Enzyme helps detect foreign DNA

Enzyme helps detect foreign DNA
Production of interferon, an essential defense molecule, is linked to Bruton’s tyrosine kinase. Credit: Molekuul/iStock/Thinkstock

The human immune system responds to DNA from pathogens by triggering the production of a defense molecule known as interferon. A research team led by A*STAR scientists has now pinpointed an enzyme integral to this process, called Bruton's tyrosine kinase (BTK), which provides a potential new target for drug development.

The presence of bacterial and viral nucleic acids inside the cell is generally undesirable, so a protein called DDX41 responds to microbial invaders by binding this foreign DNA. DDX41 then recruits another protein called STING to help launch an immune defense. STING, an acronym for stimulator of interferon genes, does what its name suggests and turns on the genes that code for interferon, a type of cytokine.

However, a team led by Kong Peng Lam, executive director of the A*STAR Bioprocessing Technology Institute, discovered this pathway from DNA sensing to interferon production also relies on BTK.

"Our findings indicate that agents targeting BTK activation could yield new and broad-based antimicrobial agents," says Lam.

Lam's lab group at A*STAR, together with scientists from the National University of Singapore, studied mouse cells that lacked the gene necessary for making BTK. They treated these cells with bacterial DNA or infected them directly with pathogens such as Listeria and malaria. In each instance, was impaired, indicating the essential role for BTK in fighting off infections.

The researchers then looked at human cells to identify the mechanism by which BTK works with DDX41 and STING to promote antimicrobial immunity. They showed that when pathogens invade cells, BTK physically attaches to DDX41 and adds a phosphorylation tag to a residue of the protein. This phosphorylation primes DDX41 to bind the foreign DNA and also stabilizes DDX41's interaction with STING, which in turn activates the genes necessary to generate .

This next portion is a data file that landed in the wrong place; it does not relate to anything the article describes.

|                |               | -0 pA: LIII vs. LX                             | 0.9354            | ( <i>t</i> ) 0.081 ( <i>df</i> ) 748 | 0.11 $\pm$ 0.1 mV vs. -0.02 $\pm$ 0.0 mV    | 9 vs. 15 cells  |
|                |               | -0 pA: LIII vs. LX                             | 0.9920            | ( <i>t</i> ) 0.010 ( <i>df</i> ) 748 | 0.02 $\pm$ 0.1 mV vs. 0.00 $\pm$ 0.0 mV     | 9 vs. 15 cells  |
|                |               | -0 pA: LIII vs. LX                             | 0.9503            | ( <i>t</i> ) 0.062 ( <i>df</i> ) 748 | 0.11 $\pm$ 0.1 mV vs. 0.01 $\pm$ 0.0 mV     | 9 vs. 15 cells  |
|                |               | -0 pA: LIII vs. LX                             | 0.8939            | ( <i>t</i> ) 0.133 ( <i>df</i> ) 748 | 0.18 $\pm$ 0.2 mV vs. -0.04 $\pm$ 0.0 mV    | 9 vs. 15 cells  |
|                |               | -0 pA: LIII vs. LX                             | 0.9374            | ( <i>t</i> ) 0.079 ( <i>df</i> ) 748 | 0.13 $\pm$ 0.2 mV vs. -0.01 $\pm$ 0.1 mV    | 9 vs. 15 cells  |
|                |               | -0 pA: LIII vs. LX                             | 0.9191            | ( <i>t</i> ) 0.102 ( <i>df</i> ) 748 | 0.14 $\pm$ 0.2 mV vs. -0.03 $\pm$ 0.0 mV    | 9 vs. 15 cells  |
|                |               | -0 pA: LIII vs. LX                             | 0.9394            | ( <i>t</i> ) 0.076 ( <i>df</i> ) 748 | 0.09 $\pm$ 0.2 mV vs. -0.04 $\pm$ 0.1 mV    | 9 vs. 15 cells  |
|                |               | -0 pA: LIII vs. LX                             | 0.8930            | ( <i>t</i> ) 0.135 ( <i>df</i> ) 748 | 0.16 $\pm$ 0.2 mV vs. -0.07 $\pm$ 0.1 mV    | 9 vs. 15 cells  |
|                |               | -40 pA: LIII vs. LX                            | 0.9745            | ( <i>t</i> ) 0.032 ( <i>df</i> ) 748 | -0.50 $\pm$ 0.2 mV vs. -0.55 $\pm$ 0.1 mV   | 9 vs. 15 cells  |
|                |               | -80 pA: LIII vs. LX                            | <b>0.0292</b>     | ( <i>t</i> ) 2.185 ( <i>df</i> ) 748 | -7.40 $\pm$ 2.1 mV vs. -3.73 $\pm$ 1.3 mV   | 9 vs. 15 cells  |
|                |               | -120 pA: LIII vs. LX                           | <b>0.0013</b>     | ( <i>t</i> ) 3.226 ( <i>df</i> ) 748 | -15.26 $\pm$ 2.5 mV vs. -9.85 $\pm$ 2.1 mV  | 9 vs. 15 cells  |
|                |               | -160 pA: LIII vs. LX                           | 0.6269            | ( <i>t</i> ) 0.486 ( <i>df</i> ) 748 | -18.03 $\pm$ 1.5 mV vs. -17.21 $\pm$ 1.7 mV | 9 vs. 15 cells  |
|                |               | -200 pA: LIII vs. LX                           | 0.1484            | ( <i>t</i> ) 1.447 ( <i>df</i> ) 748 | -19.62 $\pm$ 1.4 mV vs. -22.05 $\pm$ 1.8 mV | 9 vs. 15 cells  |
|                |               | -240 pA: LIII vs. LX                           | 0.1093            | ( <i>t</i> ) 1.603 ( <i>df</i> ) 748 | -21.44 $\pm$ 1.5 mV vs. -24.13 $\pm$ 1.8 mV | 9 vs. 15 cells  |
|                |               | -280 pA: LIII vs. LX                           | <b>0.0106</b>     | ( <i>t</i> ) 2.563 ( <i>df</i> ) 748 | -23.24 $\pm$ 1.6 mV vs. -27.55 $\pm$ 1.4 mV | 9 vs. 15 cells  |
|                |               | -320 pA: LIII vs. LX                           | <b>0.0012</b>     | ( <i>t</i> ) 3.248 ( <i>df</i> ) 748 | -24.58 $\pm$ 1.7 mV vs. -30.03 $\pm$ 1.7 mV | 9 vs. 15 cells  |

Pharmaceutical companies are already working on drugs that modulate BTK activity. One BTK inhibitor, called ibrutinib, has been approved for the treatment of leukemia and lymphoma. Others, which are for people suffering from autoimmune diseases such as rheumatoid arthritis and lupus, are undergoing clinical trials.

According to Koon-Guan Lee, an immunologist at A*STAR and first author of the study, the discovery that BTK also plays a role in warding off pathogens "further suggests that BTK inhibitors could potentially be used to dampen the cytokine storms seen in sepsis or in severe infections that could otherwise kill the host."

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More information: "Bruton's tyrosine kinase phosphorylates DDX41 and activates its binding of dsDNA and STING to initiate type 1 interferon response." Cell Reports 10, 1055–1065 (2015). dx.doi.org/10.1016/j.celrep.2015.01.039
Journal information: Cell Reports

Citation: Enzyme helps detect foreign DNA (2015, September 11) retrieved 4 October 2022 from https://phys.org/news/2015-09-enzyme-foreign-dna.html
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